The Bible and other religious texts identify several elements that will foreshadow the end of the world: earthquakes, wars and fires raging out of control, the dead rising to life, plagues and pestilence, and Woody Harrelson. Ok, I added that last one, but I find it oddly significant that the actor has roles in at least two new movies out of a growing number that deal with the apocalypse and/or its aftermath.
In the current Zombieland, Harrelson plays the leader of a small group of survivors struggling to make it in a world that has been overrun with the living dead. Roland Emmerich's 2012 (in theaters November 13) casts Harrelson as one among billions trying to outrun an impending global cataclysm some allege was predicted long ago by the Mayans. Did the Mayans similarly anticipate Harrelson's 21st century standing as would-be savior of humankind?
Between now and the year 2012, I foresee a raft of apocalypse-themed movies. 9 (the animated, post-human adventure, not the Rob Marshall-directed musical) is already playing (read my review here), and The Road, based on Cormac McCarthy's stunning novel, is due by year's end. Gloom-and-doom is increasingly the rage in our cultural zeitgeist, which in turn feeds the Hollywood moviemaking machine.
But will we soon experience the actual end of days? That's a question that, in my experience, quite a few people are asking themselves but are afraid or embarrassed to discuss openly. As tsunamis decimate coastal communities, as world economies decline, as the ice caps melt, as new viruses or new strains of existing viruses infect us, and as Iran and North Korea strive to arm themselves with nuclear weapons, some believe the initial signs of impending Armageddon are already upon us. Who can say with certainty that any of us will still be here a mere three years from now?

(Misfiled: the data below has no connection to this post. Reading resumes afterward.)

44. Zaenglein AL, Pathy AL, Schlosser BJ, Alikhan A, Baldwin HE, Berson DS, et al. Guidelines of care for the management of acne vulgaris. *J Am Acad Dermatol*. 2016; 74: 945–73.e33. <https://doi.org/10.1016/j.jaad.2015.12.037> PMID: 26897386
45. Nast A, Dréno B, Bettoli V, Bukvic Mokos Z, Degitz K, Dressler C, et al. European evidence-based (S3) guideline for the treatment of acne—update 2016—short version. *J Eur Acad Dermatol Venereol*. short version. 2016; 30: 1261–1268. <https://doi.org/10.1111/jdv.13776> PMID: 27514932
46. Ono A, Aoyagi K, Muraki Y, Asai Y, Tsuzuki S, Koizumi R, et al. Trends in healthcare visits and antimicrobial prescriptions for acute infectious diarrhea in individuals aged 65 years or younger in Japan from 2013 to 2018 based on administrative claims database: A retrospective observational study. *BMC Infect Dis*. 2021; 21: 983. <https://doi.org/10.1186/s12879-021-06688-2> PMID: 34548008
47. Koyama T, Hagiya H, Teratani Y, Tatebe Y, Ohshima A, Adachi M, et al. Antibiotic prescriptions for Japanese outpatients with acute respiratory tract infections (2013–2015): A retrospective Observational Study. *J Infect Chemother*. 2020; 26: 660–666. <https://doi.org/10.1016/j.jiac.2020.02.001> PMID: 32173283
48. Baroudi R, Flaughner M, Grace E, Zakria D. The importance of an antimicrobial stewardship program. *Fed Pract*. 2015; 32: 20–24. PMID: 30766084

As a Christian, I have long tried to take Jesus' admonition in the New Testament to "Be prepared" for the end seriously. Whether "the end" will translate ultimately as the end of my own life or the end of all life as we know it is murky if not completely unknowable. Other world religions have their own messages and practices regarding the seemingly inevitable end of the world.
Keeping the end of life in mind doesn't translate for me into a fearful, depressed mindset. Rather, it helps me to appreciate each day — indeed, each moment — all the more. I regularly try to impress this on the patients I serve daily who have been diagnosed with a terminal illness and are under hospice care. No matter what their religious background, virtually all respond positively, even eagerly, to my encouragement to live in the now and make the most of it.
Please don't get the wrong impression; I'm not about to start pacing the streets, carrying a placard reading "Repent! The end is nigh!" However, even country-western singer Tim McGraw has proclaimed the mantra "Live Like You Were Dying" to great success, indicating that many people do understand the wisdom in such an approach. With it comes the invitation to apologize to those we have hurt, forgive those who have offended us, and accomplish to the best of our ability the goals that we consider most important.
I can't tell you whether the world is going to end in 2012 or not. I wish I could. Frankly, I hope it doesn't. There's likely little we can do about it one way or the other, so there's no point in worrying about it. Let's all live like we are dying and make the most of the precious time we do have. Besides, if the end is that close at hand, Woody Harrelson might still be around to save us.
By Rev. Chris Carpenter, resident film critic of Movie Dearest and the Orange County and Long Beach Blade.